New Report

Mainland China is of primary importance to the ITC project because within it inhabits approximately 30% of all the world’s smokers.  There are an estimated 350 million smokers in mainland China, which include 46% of all men and only 2% of all women being daily smokers.  The numbers are even more staggering when occasional smokers are included, with over 60% of men in mainland China being smokers.  Mainland China has ratified the Framework Convention on Tobacco Control (FCTC) and has strong potential for measurable change due to upcoming tobacco control policies.  Mainland China signed the FCTC on November 10, 2003.  The treaty was ratified two years later on October 11, 2005.
Country Profile: 
Capital City Beijing
Population (2007 estimate) 1, 321,851,888
Life expectancy (2007 estimate) Men: 71.13 years, Women: 64.82 years
Ethnic groups Han Chinese 91.9%, Other (Zhuang, Uygus, Hui, Yi, Tibetan, Miao, Manchu, Mongol, Buyi, Korean, Other) 8.1%
Religions Daoist (Taoist)/Buddhist/Christian 3%-4%, Muslim 1%-2% Note: officially atheist (2002)
Languages Standard Chinese or Mandarin (Putonghua, based on the Beijing dialect), Yue (Cantonese), Wu (Shanghainese), Minbei (Fuzhou), Minnan (Hokkien-Taiwanese), Ziang, Gan, Hakka dialects, minority language (see Ethnic Groups)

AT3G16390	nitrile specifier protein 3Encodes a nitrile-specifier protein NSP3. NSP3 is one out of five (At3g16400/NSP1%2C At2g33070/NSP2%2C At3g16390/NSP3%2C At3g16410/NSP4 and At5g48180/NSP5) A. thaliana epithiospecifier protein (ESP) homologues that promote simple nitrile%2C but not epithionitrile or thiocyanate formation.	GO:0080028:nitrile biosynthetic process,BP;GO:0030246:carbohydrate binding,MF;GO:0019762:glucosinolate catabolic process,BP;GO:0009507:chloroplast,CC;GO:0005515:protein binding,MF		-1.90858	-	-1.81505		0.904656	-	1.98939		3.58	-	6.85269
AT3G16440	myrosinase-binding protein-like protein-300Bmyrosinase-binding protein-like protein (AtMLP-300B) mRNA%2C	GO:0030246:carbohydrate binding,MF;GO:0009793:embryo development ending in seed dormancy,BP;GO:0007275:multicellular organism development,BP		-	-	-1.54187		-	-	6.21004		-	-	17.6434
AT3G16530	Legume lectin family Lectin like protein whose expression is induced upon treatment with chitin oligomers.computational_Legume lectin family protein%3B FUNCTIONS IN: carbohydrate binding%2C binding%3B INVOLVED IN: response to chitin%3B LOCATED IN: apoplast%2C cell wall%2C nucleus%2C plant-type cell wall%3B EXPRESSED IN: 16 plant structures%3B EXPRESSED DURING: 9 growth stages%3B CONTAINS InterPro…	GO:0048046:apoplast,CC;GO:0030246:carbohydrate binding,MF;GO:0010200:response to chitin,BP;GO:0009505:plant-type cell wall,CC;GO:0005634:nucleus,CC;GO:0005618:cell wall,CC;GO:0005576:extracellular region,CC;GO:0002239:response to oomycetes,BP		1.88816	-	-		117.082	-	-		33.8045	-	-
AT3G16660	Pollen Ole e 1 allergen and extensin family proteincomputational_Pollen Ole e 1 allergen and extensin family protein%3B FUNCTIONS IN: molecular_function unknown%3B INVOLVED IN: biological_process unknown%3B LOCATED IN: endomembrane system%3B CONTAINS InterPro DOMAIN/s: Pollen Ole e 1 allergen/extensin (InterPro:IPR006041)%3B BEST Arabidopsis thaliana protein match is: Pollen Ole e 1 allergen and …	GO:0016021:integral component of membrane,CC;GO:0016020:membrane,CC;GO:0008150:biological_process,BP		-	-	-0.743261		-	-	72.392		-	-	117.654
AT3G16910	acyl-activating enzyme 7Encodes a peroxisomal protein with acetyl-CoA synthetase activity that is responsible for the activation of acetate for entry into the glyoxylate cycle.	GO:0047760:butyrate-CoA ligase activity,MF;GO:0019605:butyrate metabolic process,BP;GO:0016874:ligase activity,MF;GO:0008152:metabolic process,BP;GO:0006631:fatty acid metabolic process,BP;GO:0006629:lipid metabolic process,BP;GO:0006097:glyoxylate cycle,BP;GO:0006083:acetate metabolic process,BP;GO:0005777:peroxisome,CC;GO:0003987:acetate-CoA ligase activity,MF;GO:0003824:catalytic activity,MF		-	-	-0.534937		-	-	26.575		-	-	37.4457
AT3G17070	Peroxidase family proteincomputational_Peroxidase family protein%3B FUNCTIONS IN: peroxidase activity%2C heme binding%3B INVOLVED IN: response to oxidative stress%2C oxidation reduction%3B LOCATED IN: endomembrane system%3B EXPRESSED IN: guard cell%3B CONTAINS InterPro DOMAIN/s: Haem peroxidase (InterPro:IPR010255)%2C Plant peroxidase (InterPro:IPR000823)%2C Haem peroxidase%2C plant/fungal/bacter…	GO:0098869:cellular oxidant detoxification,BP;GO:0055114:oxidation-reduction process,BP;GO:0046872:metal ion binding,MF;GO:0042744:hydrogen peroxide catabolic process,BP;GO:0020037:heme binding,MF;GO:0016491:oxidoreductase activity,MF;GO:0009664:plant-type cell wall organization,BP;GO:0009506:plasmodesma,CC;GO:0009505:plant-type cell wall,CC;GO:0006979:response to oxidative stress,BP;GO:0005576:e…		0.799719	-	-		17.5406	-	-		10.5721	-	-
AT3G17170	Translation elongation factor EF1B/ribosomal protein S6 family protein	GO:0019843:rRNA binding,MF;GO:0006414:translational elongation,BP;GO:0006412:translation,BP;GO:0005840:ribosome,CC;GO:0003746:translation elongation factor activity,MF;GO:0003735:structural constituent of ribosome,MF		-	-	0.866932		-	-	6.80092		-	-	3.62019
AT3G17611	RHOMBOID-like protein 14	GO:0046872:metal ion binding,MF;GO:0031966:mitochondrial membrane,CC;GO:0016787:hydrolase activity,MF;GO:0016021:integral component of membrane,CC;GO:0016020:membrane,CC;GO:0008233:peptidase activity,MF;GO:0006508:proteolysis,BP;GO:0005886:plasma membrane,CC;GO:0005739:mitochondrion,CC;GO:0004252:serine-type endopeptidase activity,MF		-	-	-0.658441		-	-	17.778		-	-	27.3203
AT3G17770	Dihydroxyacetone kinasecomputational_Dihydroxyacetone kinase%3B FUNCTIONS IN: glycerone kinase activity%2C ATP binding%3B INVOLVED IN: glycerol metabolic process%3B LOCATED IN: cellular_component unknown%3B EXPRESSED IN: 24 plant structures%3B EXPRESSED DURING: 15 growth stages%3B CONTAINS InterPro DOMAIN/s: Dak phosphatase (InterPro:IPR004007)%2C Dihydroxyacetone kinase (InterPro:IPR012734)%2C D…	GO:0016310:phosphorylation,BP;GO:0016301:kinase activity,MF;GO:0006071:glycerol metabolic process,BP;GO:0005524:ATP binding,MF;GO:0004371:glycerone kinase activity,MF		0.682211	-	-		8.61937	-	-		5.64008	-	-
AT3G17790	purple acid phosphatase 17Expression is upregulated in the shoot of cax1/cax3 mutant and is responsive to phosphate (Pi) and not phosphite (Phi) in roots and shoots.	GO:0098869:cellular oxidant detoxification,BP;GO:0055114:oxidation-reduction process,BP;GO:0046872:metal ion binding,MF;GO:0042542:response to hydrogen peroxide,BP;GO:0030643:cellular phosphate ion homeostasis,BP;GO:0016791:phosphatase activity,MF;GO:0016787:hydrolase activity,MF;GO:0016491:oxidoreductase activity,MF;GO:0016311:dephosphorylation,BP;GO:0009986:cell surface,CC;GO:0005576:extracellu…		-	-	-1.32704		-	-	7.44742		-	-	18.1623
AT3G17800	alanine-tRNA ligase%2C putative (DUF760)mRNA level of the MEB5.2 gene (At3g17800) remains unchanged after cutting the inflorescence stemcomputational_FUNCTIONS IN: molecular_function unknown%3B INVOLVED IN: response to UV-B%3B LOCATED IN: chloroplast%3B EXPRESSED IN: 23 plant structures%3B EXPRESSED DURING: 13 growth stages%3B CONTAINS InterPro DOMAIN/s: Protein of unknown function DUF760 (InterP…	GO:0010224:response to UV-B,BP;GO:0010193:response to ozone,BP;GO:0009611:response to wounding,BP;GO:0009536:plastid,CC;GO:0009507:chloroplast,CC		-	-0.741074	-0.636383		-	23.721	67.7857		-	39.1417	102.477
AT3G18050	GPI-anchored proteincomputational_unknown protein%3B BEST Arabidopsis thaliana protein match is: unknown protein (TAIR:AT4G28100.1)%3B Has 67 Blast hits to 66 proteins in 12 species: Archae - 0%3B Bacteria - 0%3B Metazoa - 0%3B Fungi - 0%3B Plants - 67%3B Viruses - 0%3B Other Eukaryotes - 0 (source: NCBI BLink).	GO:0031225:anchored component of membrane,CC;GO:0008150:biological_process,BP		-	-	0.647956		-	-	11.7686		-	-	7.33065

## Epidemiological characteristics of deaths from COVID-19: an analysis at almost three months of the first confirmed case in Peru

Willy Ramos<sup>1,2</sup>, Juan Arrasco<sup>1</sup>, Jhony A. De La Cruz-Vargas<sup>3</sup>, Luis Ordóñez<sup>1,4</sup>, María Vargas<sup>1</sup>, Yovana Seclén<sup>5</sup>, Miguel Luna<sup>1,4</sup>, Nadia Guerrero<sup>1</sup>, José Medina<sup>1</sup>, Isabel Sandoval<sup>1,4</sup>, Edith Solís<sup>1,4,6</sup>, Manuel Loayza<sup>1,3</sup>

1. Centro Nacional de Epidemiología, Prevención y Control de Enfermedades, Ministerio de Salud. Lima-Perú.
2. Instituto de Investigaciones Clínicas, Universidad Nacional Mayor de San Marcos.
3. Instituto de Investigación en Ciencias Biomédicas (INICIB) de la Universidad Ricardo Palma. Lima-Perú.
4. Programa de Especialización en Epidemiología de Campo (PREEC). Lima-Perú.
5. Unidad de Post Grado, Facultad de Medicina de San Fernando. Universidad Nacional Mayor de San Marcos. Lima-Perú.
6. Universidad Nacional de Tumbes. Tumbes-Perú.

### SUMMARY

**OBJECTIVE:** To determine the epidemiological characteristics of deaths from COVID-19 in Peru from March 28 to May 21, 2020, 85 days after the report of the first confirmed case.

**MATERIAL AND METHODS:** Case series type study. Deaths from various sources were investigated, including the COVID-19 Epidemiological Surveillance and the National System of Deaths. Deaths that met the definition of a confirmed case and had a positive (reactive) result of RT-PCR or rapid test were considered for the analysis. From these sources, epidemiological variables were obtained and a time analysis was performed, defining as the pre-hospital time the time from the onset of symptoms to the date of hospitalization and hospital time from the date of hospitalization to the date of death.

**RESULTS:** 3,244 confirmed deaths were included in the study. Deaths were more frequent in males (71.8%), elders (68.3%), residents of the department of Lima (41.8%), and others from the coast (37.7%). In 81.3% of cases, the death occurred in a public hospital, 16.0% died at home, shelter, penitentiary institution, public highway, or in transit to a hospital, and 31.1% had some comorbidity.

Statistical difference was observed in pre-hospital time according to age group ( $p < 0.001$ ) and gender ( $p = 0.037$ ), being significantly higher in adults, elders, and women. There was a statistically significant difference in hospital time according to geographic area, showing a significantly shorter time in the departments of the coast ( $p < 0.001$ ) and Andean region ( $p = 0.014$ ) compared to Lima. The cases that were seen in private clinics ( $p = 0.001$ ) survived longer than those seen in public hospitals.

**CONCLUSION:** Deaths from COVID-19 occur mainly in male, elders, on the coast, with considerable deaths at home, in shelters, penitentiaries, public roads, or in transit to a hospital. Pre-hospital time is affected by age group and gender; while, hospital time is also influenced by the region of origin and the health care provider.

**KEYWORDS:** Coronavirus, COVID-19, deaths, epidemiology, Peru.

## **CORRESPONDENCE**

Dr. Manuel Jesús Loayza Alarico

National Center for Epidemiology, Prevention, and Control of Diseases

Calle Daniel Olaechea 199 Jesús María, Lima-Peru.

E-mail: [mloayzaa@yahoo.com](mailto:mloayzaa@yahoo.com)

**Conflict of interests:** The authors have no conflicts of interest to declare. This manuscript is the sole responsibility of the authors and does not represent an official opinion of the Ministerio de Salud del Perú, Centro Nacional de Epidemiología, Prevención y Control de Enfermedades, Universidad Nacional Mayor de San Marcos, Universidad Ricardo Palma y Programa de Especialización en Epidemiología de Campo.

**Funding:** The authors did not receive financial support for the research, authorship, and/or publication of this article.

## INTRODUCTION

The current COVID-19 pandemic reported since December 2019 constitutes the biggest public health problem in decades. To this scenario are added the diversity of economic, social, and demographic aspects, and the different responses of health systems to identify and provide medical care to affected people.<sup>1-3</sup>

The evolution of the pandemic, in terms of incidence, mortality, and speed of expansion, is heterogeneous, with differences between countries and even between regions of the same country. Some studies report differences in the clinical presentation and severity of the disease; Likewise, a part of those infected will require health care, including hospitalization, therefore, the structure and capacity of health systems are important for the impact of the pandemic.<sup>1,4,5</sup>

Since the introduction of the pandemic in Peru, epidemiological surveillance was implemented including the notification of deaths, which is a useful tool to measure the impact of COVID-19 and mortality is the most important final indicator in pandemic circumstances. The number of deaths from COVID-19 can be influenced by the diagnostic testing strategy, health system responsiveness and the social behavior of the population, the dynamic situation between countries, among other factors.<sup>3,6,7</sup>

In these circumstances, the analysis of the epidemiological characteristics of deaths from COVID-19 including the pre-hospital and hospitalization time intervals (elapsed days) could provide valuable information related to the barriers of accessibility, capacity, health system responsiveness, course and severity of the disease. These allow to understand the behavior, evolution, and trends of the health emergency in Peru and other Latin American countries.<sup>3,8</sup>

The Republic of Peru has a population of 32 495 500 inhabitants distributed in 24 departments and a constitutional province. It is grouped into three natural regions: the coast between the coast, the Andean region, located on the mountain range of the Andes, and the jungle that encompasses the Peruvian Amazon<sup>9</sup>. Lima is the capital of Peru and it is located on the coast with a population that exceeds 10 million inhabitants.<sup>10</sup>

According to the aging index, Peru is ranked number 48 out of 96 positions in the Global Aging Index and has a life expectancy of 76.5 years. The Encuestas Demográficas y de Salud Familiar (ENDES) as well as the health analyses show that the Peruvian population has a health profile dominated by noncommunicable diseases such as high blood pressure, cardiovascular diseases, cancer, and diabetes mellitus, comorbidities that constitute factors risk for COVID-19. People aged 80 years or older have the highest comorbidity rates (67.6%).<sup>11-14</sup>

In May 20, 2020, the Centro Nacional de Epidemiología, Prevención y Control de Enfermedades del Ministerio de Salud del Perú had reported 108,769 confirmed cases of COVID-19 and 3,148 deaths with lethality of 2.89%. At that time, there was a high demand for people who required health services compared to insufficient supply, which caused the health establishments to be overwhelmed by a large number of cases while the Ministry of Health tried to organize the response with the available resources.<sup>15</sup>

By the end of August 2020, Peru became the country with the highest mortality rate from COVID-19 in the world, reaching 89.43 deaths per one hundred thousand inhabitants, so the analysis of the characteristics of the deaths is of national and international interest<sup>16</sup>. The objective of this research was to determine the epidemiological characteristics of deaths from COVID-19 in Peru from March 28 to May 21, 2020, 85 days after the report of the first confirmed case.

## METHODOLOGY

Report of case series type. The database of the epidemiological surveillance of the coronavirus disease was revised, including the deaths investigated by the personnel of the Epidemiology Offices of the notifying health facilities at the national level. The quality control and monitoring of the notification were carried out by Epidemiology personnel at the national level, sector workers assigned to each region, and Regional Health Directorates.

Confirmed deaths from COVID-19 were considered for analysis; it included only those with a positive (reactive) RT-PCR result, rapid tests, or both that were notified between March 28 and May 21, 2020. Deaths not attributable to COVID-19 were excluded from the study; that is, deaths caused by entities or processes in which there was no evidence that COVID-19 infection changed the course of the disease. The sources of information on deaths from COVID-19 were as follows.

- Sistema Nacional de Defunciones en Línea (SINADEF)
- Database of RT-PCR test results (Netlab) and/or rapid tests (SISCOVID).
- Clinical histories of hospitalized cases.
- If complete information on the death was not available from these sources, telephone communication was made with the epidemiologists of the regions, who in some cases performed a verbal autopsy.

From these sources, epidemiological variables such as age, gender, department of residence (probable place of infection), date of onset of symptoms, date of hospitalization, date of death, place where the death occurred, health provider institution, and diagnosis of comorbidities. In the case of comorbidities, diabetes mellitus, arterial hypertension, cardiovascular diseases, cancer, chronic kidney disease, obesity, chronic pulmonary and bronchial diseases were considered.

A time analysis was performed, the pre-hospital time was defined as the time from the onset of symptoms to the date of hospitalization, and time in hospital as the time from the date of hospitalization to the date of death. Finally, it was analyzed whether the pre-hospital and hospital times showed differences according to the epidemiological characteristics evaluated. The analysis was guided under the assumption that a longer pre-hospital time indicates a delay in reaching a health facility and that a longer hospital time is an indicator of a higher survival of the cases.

GDP per capita (2006 estimate) $7,800
Median age 33.2 years
Literacy 90.9%
 Background Information:
For centuries, mainland China stood as a leading civilization, outpacing the rest of the world in the arts and sciences, but in the 19th and early 20th centuries, the country was beset by civil unrest, major famines, military defeats, and foreign occupation.  After World War II, the Communists under MAO Zedong established an autocratic socialist system that, while ensuring mainland China’s sovereignty, imposed strict controls over everyday life and cost the lives of tens of millions of people.  After 1978, his successor DENG Xiaoping and other leaders focused on market-oriented economic development and by 2000 output had quadrupled.  For much of the population, living standards have improved dramatically and the room for personal choice has expanded, yet political controls remain tight.
Administrative Divisions:
23 provinces (sheng, singular and plural), 5 autonomous regions (zizhiqu, singular and plural) and 4 municipalities (shi, singular and plural)
Provinces: Anhui, Fujian, Gansu, Guangdong, Guizhou, Haian, Hebei, Heilongjiang, Henan, Hubei, Hunan, Jiangsu, Jiangxi, Liaoning, Quainghai, Shaanxi, Shandong, Shanxi, Sichuan, Yunnan, Zhejiang
Autonomous Regions: Guangxi, Nei Mongol, Ningzia, Xinjiang Uygur, Xizang (Tibet)
Municipalities: Beijing, Chongquig, Shanghia, Tianjin
Note: China Considers Taiwain its 23rd province
Economy Overview: